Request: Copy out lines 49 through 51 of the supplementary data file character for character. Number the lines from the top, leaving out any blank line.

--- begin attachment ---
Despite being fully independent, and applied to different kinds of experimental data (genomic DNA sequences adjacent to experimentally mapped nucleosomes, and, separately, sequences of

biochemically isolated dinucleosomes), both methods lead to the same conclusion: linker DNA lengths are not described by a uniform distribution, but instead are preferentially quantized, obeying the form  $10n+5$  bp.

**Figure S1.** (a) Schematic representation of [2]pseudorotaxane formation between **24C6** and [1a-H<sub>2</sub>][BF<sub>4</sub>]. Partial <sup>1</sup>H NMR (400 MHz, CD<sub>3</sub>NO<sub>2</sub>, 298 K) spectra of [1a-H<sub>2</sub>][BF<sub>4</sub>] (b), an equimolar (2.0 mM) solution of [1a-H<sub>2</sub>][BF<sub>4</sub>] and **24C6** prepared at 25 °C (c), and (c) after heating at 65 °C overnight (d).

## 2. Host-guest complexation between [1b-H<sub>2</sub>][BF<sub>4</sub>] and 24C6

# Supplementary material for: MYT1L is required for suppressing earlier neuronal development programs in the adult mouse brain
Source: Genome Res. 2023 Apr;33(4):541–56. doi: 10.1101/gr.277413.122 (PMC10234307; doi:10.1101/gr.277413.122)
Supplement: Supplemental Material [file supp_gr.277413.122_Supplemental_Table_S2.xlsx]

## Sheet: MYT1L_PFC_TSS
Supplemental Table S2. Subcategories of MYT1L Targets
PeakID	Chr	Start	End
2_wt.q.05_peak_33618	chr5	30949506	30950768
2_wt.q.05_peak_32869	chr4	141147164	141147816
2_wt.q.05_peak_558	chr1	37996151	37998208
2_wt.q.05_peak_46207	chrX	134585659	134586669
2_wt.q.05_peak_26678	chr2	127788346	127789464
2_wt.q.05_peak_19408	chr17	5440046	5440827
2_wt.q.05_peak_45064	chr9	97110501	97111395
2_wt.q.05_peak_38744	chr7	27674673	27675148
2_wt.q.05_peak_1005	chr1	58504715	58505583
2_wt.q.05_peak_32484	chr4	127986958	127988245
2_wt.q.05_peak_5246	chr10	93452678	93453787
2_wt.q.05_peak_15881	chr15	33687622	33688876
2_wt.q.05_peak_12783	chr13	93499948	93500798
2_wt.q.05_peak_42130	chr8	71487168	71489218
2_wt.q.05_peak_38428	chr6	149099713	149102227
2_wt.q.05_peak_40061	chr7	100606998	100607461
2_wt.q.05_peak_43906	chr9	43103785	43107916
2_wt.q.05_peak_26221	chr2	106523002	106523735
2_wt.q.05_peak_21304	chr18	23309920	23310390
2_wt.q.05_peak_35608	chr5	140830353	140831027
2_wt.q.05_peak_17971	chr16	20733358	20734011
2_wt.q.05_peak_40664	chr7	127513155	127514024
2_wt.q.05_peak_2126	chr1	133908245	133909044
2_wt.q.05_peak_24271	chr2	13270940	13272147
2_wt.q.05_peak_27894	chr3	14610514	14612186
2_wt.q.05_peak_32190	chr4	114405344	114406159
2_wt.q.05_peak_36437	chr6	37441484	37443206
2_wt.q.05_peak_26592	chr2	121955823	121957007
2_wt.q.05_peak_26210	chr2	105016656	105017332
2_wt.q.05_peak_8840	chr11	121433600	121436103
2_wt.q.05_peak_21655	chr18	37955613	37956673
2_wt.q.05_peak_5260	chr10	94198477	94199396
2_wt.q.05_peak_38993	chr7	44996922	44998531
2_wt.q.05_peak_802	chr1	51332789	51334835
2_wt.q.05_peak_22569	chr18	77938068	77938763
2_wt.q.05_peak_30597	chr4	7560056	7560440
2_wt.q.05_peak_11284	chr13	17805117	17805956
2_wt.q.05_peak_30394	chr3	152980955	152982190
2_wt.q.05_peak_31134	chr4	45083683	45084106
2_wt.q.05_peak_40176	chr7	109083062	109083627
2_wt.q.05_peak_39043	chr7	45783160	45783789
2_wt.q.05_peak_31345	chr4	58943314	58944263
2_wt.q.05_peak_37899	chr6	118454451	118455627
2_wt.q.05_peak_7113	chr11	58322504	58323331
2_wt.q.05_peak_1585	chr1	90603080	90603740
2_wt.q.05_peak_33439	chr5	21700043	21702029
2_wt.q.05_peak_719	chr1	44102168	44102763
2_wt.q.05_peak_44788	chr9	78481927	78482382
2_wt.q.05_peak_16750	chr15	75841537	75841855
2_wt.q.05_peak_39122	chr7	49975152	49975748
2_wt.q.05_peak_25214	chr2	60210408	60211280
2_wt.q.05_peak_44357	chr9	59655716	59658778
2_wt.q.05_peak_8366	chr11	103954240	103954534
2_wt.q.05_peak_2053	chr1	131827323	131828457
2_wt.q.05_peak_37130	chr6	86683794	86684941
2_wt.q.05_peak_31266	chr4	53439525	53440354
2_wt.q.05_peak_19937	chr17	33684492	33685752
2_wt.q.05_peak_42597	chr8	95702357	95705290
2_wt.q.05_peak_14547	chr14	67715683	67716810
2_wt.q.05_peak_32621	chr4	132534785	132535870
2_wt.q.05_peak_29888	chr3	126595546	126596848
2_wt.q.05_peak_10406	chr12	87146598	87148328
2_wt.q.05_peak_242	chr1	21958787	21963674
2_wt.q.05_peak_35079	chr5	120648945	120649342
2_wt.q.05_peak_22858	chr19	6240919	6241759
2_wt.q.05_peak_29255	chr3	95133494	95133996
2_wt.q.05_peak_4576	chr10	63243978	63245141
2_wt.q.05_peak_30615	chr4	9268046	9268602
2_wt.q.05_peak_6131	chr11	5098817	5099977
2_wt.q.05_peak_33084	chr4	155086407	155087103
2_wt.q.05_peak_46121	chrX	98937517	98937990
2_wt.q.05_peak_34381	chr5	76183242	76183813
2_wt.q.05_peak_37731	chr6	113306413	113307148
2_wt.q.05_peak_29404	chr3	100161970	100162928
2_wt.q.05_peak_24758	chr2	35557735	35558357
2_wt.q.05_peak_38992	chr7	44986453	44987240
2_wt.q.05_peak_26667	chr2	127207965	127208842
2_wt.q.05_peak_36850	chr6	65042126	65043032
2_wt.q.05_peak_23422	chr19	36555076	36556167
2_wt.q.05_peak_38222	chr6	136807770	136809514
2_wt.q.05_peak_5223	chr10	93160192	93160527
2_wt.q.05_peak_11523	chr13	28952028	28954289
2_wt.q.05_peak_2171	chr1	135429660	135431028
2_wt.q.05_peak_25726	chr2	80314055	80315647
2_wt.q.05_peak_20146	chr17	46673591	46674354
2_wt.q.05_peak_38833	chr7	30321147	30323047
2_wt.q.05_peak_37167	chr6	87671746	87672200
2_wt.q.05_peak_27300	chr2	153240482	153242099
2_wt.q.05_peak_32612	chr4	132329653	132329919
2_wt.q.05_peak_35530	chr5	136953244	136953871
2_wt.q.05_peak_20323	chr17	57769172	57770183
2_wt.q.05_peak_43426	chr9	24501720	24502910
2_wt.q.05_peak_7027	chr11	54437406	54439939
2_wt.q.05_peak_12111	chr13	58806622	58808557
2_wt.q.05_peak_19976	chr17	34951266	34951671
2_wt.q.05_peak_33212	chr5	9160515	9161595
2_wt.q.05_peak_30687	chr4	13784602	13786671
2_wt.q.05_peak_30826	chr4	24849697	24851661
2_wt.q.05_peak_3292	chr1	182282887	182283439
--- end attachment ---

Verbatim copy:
2_wt.q.05_peak_31134	chr4	45083683	45084106
2_wt.q.05_peak_40176	chr7	109083062	109083627
2_wt.q.05_peak_39043	chr7	45783160	45783789